A five-alarm conflagration that broke out last night, January 24, at a building that houses the archives of the Museum of Chinese in America (MOCA) in Manhattan has injured eight people and destroyed the building’s top floors. New York City’s fire department (FDNY) was still fighting the flames as of 11am today. The museum’s staff is working with emergency conservators to assess the damage to its prized archives.
“We’ve been operating at this fire since 8:40 yesterday evening,” said FDNY’s Chief of Fire Operations Thomas Richardson in a statement today. “At the height of the fire, we had about 200 fire and EMS personnel on the scene.”
According to Richardson, the blaze originally started on the fourth floor of MOCA’s building before spreading to the fifth floor and into the roof area. “This will be an extended operation,” he said, explaining that a deep-seated fire in the roof area remains difficult to access. The official provided no information about the cause of the fire.
— Czarine? (@czarineyee) January 24, 2020
A total of eight firefighters and one civilian were injured in the fire but none of the injuries are life-threatening.
“We’re in the middle of a disaster,” Nancy Yao Maasbach, MOCA’s president told Hyperallergic in a phone conversation. “Our team stayed on site until hoses stopped last night,” she added, audibly anxious and gasping for breath.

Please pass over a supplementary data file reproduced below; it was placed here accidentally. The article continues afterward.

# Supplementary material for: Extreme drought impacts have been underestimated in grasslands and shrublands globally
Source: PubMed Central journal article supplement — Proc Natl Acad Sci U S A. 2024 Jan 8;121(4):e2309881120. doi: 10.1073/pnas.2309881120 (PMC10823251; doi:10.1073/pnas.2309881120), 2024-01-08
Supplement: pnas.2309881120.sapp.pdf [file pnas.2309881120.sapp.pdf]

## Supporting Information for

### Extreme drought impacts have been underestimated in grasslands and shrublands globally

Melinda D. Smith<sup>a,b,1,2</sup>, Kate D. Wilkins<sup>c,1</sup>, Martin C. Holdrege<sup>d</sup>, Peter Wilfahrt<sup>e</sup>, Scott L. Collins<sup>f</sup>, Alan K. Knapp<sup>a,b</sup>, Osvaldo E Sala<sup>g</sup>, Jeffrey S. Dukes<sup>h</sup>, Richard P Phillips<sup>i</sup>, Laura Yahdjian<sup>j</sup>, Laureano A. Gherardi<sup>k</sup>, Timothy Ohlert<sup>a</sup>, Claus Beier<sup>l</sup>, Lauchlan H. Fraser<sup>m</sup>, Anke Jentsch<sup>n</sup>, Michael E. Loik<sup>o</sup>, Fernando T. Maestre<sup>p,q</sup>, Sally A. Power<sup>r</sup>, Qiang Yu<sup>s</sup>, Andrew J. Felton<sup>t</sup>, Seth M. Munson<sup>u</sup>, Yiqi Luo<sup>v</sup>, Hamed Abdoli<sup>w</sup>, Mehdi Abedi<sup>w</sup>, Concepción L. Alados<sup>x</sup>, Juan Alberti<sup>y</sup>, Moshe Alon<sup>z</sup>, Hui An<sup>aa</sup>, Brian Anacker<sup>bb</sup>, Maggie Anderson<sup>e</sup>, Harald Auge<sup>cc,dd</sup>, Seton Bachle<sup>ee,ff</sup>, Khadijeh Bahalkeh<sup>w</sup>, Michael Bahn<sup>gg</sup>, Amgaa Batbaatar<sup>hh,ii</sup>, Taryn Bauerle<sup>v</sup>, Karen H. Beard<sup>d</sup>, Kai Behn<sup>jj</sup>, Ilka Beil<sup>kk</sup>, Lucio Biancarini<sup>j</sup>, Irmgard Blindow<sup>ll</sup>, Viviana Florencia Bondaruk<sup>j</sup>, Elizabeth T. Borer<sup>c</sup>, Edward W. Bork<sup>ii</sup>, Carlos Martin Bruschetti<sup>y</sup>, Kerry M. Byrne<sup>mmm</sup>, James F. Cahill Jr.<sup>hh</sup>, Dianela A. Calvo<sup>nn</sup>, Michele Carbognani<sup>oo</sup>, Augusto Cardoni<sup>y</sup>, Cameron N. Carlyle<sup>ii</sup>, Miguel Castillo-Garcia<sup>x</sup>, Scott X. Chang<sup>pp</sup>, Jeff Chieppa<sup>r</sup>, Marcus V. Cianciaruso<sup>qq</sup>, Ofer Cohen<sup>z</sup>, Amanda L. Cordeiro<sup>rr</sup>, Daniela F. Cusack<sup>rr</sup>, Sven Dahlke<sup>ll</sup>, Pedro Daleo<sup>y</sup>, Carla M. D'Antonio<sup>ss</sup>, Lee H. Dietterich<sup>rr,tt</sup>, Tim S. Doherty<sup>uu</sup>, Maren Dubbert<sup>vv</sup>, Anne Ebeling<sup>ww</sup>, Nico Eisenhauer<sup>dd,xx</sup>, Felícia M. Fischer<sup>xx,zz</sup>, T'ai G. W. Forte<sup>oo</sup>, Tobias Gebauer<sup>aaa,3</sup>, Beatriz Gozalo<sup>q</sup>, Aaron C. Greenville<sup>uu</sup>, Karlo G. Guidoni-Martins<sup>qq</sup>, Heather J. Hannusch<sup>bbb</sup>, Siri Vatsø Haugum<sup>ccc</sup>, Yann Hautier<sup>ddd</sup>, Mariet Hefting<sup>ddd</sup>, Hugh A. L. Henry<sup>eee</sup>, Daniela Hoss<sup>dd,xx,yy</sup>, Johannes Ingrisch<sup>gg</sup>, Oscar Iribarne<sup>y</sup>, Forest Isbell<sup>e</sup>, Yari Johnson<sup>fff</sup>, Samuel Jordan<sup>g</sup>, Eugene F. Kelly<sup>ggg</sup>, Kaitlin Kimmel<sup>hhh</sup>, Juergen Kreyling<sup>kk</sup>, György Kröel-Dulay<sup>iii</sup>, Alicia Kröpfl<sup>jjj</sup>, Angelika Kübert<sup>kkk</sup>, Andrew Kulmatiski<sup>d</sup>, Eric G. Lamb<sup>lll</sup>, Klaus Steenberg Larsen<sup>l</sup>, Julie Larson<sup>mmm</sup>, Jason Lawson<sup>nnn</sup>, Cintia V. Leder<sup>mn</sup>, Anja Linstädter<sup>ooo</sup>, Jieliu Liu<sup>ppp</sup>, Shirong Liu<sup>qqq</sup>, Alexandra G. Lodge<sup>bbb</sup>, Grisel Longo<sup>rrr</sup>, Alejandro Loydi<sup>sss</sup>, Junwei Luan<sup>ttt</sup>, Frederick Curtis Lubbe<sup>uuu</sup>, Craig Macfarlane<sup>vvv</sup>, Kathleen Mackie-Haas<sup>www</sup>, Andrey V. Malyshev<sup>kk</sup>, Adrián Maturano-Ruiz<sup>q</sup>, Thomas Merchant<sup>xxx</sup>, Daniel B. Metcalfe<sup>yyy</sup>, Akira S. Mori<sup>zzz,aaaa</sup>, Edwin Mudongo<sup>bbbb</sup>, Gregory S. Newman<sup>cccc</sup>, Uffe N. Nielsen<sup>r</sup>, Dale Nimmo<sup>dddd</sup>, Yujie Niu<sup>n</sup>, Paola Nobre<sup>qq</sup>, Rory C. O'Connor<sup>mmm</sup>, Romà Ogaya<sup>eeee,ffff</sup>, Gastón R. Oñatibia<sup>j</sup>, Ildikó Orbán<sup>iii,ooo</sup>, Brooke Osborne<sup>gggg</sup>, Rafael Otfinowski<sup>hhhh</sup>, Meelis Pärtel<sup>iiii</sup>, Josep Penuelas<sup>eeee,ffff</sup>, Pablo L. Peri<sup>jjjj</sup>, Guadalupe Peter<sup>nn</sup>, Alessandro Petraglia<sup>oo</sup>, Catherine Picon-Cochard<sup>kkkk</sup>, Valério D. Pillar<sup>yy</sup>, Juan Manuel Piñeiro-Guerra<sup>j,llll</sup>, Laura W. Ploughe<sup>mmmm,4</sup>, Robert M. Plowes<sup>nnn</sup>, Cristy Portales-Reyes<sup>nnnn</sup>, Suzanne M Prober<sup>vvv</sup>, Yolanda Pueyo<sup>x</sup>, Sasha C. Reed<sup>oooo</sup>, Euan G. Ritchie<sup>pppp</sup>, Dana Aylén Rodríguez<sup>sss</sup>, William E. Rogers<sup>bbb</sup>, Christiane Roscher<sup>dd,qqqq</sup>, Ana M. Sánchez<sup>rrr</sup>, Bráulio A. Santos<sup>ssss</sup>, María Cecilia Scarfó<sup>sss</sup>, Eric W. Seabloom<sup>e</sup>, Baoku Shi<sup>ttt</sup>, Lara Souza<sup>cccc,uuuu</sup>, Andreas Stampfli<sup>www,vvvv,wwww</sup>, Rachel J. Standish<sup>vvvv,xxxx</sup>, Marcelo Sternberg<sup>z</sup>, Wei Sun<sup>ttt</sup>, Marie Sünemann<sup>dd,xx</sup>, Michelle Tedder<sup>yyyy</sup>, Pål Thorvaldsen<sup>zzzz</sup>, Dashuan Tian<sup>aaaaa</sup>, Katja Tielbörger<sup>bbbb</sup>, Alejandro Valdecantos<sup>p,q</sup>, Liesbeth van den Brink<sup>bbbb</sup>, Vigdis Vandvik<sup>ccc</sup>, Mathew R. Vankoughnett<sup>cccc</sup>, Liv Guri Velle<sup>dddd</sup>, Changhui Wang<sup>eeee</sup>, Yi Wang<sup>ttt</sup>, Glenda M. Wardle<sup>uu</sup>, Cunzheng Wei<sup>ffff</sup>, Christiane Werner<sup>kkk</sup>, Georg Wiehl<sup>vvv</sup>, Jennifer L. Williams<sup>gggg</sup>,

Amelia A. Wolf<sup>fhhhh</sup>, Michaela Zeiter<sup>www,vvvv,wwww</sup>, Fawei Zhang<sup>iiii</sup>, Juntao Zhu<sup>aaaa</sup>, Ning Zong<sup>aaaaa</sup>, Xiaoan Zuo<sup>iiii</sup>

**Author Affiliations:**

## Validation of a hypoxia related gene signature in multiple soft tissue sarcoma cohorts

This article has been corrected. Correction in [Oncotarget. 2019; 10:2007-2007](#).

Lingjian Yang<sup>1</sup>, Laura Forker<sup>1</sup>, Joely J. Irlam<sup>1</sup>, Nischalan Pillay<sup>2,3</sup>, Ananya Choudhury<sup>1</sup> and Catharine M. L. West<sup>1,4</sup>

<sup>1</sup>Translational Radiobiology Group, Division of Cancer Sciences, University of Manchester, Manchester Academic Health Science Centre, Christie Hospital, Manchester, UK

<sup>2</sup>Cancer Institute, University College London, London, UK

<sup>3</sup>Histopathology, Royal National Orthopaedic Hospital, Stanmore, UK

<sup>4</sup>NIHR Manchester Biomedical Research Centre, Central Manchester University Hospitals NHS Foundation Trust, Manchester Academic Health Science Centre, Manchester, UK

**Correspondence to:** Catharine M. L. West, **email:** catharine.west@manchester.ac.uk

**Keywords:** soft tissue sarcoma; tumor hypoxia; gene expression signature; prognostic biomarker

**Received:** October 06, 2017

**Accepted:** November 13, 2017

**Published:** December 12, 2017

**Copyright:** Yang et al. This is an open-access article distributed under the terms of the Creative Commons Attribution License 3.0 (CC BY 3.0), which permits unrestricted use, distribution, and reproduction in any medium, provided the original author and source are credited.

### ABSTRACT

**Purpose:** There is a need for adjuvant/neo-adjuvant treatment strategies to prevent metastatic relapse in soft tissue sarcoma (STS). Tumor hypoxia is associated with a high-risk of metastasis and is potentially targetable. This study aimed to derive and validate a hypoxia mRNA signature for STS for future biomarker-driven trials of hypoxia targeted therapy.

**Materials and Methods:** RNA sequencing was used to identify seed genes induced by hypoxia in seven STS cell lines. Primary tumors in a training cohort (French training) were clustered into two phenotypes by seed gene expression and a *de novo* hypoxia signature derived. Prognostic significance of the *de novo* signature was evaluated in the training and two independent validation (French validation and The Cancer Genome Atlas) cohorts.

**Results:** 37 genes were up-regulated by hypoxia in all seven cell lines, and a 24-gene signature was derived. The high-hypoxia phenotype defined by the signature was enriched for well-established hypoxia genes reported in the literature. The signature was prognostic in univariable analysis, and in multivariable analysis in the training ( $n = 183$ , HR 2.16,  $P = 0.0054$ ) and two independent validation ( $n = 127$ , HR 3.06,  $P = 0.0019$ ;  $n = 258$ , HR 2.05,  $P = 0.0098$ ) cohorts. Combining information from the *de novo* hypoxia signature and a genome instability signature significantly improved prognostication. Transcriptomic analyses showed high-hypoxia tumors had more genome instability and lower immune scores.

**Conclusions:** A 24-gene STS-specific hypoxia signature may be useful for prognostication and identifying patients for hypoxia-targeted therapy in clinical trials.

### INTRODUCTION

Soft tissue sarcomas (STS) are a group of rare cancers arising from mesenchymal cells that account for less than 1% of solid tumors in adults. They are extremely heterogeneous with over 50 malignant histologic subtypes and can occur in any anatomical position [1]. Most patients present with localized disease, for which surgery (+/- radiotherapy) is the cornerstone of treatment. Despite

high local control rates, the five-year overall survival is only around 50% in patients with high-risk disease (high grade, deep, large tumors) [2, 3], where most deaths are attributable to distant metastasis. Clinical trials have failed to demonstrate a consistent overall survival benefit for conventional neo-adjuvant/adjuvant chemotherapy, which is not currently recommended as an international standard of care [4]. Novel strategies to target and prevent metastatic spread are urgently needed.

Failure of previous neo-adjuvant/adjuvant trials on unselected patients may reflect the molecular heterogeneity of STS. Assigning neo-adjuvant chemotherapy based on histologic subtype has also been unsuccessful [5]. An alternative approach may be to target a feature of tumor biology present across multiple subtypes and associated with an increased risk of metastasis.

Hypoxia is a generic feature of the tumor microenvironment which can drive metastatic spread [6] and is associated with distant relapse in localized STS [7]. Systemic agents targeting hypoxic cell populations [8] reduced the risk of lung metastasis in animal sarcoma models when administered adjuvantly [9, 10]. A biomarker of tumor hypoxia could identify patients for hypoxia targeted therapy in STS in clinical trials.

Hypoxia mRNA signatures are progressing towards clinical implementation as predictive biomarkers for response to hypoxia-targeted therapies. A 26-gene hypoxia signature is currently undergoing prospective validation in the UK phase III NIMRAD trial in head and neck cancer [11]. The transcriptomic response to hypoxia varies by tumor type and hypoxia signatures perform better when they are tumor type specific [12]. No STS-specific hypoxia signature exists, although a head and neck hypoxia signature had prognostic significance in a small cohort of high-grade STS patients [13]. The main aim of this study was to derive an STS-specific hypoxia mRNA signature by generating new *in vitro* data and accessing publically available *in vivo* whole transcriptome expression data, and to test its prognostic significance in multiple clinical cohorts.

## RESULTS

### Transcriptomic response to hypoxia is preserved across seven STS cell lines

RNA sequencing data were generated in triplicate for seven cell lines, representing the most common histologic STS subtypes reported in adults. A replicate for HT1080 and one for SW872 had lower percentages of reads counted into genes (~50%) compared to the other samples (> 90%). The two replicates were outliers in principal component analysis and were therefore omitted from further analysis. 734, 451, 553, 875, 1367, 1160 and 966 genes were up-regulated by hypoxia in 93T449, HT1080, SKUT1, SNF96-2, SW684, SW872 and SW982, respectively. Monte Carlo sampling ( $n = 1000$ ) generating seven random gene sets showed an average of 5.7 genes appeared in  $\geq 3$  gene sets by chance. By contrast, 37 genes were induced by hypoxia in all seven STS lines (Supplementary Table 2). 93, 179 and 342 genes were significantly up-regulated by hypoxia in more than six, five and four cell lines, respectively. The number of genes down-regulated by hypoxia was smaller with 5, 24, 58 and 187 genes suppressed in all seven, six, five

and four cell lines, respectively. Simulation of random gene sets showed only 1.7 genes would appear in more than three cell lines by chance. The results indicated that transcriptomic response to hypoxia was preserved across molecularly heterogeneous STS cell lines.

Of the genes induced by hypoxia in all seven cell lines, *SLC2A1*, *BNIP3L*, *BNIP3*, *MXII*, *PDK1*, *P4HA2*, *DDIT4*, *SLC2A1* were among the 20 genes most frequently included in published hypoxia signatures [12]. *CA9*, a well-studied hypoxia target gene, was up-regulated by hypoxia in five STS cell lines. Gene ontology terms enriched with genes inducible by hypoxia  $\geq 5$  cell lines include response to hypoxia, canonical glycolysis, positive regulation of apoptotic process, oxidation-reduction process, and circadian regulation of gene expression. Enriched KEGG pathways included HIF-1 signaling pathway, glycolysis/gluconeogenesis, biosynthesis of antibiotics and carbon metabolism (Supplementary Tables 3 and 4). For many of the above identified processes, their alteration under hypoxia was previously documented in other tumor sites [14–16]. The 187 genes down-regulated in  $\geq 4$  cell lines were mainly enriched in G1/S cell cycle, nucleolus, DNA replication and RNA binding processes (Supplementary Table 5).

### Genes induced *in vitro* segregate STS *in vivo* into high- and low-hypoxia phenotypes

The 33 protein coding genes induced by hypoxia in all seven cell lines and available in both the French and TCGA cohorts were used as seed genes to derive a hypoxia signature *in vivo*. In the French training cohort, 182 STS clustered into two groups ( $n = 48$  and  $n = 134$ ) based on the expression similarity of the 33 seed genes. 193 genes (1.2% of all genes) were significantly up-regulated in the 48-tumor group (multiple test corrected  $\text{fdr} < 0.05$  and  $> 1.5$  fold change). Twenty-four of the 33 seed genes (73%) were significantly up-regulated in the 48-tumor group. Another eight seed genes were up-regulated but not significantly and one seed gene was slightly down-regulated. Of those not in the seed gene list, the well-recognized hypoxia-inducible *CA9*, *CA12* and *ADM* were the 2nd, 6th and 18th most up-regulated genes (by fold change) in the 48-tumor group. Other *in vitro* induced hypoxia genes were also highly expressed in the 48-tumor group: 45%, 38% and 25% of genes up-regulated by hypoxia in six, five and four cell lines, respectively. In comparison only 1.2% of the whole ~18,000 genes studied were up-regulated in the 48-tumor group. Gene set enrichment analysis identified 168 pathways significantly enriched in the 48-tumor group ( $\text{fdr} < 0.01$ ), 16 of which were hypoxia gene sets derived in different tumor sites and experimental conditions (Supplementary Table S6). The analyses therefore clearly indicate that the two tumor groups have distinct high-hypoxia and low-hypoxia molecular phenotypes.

The building on 70 Mulberry Street is home to MOCA’s Collections and Research Center, which holds an archive of more than 65,000 artifacts, photos, memorabilia, documents, oral histories, and artwork documenting Chinese communities in America.
Maasbach told Hyperallergic that the museum is still assessing the extent of damage that was caused to the collection. “We don’t know what to expect yet,” she said. “We’re arranging a recovery space, and emergency conservators from all over the country reached out to help.”
The building is also home to the H.T. Chen & Dancers company and senior center.
“We spoke with FDNY and they assured us it’s a top priority,” Maasbach said. “This is not just about the histoiry of the Chinese American community, but the history of this entire neighborhood.”
Correction 1/27/2020 1:27pm EST: An original version of this article reported that the fire occurred in the Museum of Chinese in America. This has been updated to reflect that the fire occurred in a separate building that houses the museum’s archives.
As arts communities around the world experience a time of challenge and change, accessible, independent reporting on these developments is more important than ever.
Please consider supporting our journalism, and help keep our independent reporting free and accessible to all.